Andrea Bargnani: An Enigmatic 5 Years

Robert Seagal-MisovicCorrespondent IJune 29, 2011

ATLANTA - DECEMBER 02:  Andrea Bargnani #7 of the Toronto Raptors against the Atlanta Hawks at Philips Arena on December 2, 2009 in Atlanta, Georgia.  NOTE TO USER: User expressly acknowledges and agrees that, by downloading and/or using this Photograph, User is consenting to the terms and conditions of the Getty Images License Agreement.  (Photo by Kevin C. Cox/Getty Images)
Kevin C. Cox/Getty Images

In 2006, general manager Bryan Colangelo made Andrea Bargnani the first European selected first overall in the NBA draft. From that point, Colangelo's reputation with the Raptors fanbase would be hitched to Bargnani's star.

The Raptors proceeded to make the playoffs, becoming Atlantic division champions and winning a team-best 47 games. Bargnani finished second behind Brandon Roy in Rookie of the Year voting and was arguably the Raptors' most effective player against the Nets in their first-round loss.

That series can perhaps be remembered as the last time Bargnani was actually in favour with the majority of the Raptor fanbase. Ironically, it was also the last time the team was on the upswing.

Every year following Colangelo's miracle first season has seen the team go from bad to worse, and after three consecutive years of missing the playoffs, there remained three holdovers from that 47-win team: Jay Triano, Andrea Bargnani and Jose Calderon. Now there are just two. 

To understand why the fan base has shown so much animosity towards Bargnani, one would have to understand the psychological make-up of the average Raptor fan. This is a fan base that cheered Jerome Williams, Matt Bonner, Charles Oakley and Alvin "Boogie" Williams while booing Vince Carter, Chris Bosh and Tracy McGrady. 

So what's the verdict? It seems Toronto likes its scrappy role players. For God's sake, we gave Pops Mensah-Bonsu a standing ovation because he played his butt off for a contract extension for a few games.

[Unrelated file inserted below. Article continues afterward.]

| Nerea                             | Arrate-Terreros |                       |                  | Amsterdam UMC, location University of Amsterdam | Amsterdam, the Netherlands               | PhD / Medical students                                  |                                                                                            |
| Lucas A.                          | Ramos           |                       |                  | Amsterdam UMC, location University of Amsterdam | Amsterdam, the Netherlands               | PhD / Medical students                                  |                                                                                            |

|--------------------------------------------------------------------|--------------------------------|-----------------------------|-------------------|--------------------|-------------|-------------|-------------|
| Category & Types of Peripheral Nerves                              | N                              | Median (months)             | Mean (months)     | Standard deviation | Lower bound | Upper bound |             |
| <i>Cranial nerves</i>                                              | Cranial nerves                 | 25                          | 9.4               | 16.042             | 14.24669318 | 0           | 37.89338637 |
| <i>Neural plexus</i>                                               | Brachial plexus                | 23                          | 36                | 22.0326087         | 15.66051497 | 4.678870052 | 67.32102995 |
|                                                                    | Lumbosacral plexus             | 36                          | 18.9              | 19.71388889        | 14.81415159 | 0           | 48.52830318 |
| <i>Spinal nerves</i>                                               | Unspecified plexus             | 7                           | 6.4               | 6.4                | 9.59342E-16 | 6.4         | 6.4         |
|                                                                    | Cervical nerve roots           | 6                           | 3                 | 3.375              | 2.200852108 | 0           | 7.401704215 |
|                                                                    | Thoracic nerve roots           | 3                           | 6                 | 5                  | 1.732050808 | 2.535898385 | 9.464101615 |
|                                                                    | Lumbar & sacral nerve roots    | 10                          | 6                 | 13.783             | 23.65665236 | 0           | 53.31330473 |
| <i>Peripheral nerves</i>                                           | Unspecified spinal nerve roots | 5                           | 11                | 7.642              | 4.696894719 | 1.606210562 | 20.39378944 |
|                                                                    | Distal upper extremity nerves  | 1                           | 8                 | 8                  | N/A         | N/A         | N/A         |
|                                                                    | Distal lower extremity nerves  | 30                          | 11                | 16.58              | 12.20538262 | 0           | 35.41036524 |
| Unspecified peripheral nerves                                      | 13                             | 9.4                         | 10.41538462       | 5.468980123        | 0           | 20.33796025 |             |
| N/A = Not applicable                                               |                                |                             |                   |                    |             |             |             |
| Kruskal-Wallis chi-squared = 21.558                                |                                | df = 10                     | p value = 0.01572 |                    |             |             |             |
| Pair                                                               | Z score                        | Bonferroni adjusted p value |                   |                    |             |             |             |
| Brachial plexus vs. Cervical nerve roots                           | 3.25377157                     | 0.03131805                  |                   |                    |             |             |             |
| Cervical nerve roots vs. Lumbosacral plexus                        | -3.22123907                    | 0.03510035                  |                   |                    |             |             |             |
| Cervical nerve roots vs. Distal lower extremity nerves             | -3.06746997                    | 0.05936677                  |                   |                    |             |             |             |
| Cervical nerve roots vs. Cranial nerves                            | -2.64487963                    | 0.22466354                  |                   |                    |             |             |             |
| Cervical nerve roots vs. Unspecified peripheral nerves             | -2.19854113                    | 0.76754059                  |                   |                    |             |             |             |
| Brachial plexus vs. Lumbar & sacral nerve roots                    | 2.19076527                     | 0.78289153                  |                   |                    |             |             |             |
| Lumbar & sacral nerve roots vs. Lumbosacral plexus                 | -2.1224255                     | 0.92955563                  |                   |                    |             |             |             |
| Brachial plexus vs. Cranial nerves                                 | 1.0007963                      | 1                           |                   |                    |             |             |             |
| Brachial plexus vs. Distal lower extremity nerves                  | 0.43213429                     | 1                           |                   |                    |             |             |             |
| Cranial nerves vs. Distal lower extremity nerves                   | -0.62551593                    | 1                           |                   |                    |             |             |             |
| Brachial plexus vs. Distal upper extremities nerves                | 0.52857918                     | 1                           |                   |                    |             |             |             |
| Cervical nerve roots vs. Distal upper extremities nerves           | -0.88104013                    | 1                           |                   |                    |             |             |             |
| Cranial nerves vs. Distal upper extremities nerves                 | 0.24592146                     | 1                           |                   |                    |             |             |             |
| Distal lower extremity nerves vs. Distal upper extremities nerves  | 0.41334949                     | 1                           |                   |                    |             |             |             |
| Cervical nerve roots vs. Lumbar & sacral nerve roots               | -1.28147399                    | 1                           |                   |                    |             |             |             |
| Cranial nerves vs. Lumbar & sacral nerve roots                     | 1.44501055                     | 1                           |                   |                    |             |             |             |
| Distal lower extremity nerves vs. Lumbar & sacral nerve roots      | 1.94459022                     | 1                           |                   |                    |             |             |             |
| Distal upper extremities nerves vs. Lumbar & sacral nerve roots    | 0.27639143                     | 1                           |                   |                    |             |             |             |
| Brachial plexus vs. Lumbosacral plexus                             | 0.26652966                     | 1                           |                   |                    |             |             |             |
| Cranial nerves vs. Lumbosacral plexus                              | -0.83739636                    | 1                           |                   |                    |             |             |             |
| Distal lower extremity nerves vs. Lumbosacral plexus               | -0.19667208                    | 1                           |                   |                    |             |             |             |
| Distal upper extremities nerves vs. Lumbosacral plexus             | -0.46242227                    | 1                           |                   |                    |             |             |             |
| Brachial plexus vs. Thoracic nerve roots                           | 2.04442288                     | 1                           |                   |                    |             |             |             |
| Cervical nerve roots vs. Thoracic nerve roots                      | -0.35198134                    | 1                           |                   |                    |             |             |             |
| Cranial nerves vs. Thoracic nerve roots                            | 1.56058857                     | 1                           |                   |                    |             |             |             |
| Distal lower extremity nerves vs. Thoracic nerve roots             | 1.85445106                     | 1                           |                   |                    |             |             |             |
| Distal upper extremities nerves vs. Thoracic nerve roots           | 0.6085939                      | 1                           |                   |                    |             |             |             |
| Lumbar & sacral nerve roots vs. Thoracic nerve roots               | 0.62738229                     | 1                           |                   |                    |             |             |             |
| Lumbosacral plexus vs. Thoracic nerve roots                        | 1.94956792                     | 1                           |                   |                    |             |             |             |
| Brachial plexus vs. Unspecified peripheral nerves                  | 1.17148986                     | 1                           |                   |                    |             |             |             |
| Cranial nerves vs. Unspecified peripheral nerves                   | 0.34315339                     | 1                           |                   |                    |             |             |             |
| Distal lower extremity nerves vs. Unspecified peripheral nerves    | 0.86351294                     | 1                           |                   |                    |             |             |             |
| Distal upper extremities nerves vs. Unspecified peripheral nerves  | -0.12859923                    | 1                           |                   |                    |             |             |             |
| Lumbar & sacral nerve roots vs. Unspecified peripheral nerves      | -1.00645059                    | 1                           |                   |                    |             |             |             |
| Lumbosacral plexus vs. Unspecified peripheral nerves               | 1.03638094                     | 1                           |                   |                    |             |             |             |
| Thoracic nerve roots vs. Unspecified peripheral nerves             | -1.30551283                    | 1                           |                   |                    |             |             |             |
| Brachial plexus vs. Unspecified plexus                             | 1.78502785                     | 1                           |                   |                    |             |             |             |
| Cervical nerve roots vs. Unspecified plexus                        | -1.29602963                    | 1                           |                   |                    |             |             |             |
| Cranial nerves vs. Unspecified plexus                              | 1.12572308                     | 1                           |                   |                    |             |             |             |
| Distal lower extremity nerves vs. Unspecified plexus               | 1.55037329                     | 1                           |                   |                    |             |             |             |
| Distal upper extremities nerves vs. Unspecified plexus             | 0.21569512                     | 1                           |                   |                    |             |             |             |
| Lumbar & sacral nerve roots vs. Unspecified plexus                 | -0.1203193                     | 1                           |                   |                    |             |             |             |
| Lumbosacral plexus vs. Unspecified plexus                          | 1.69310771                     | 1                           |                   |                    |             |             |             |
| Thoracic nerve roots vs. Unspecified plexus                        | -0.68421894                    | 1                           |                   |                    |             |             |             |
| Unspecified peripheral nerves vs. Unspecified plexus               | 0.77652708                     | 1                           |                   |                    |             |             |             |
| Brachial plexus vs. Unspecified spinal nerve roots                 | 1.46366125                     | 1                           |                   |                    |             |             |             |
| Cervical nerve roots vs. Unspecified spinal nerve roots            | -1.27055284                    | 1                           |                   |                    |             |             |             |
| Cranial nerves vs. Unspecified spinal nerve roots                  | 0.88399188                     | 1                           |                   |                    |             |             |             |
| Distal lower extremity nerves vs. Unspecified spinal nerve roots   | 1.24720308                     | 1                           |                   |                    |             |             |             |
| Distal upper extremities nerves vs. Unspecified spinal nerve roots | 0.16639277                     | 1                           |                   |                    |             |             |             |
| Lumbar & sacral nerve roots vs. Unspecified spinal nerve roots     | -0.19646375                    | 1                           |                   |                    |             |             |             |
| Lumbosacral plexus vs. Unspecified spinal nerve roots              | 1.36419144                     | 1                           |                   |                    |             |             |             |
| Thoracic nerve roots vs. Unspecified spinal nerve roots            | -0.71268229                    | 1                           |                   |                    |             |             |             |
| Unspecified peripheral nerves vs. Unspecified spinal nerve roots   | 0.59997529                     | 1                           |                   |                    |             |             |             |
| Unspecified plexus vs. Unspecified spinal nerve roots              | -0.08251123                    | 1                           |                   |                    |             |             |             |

It seems at the heart of it, we're still very much a hockey town that has a lot to learn about basketball.

Hustle players like Brian Cardinal for instance are invaluable because of the intangibles they bring, the way they are able to impact the game, but make no mistake—they're just doing what they can to earn a living and stay in the league.

In a league where every seven-footer dreams of handling the ball and shooting from 3, there are actually only two who can do it effectively as first options, and one of them just won an NBA Championship and a Finals MVP.

The difference between Nowitzki and Bargnani, outside of the clear advantage in craftiness, for the former is the latter's seemingly nonchalant attitude on the court. Perhaps the real reason Raptor fans are so frustrated by Bargnani is that they know how much better he is than he's been. Another reason is, I'm not sure anyone knows if he even cares about basketball.

After 2006, many were quick to call Dirk Nowitzki "soft," just as people call Andrea soft today. Having seen him play for eight years now, soft would be one of the last words I would use to describe him. Lazy however may be appropriate in some sense. Disinterested would be another. But the best word to describe Andrea and his first five years in Toronto is clearly enigmatic.

However, when Sam Smith ranks 20 players above him in his center rankings, one has to say enough is enough.

Andrea is a stretch four who compromised his mobility when adding nearly 25 pounds to play out of position next to Chris Bosh in his second season. This, by the way, was the disastrous second season where he fell from grace. In his first season, he was allowed to play behind Nesterovic and Bosh, but when he was thrust into the starting center role next to Bosh, a sub-par defender himself, he became a fouling machine and was clearly a victim of the sophomore slump.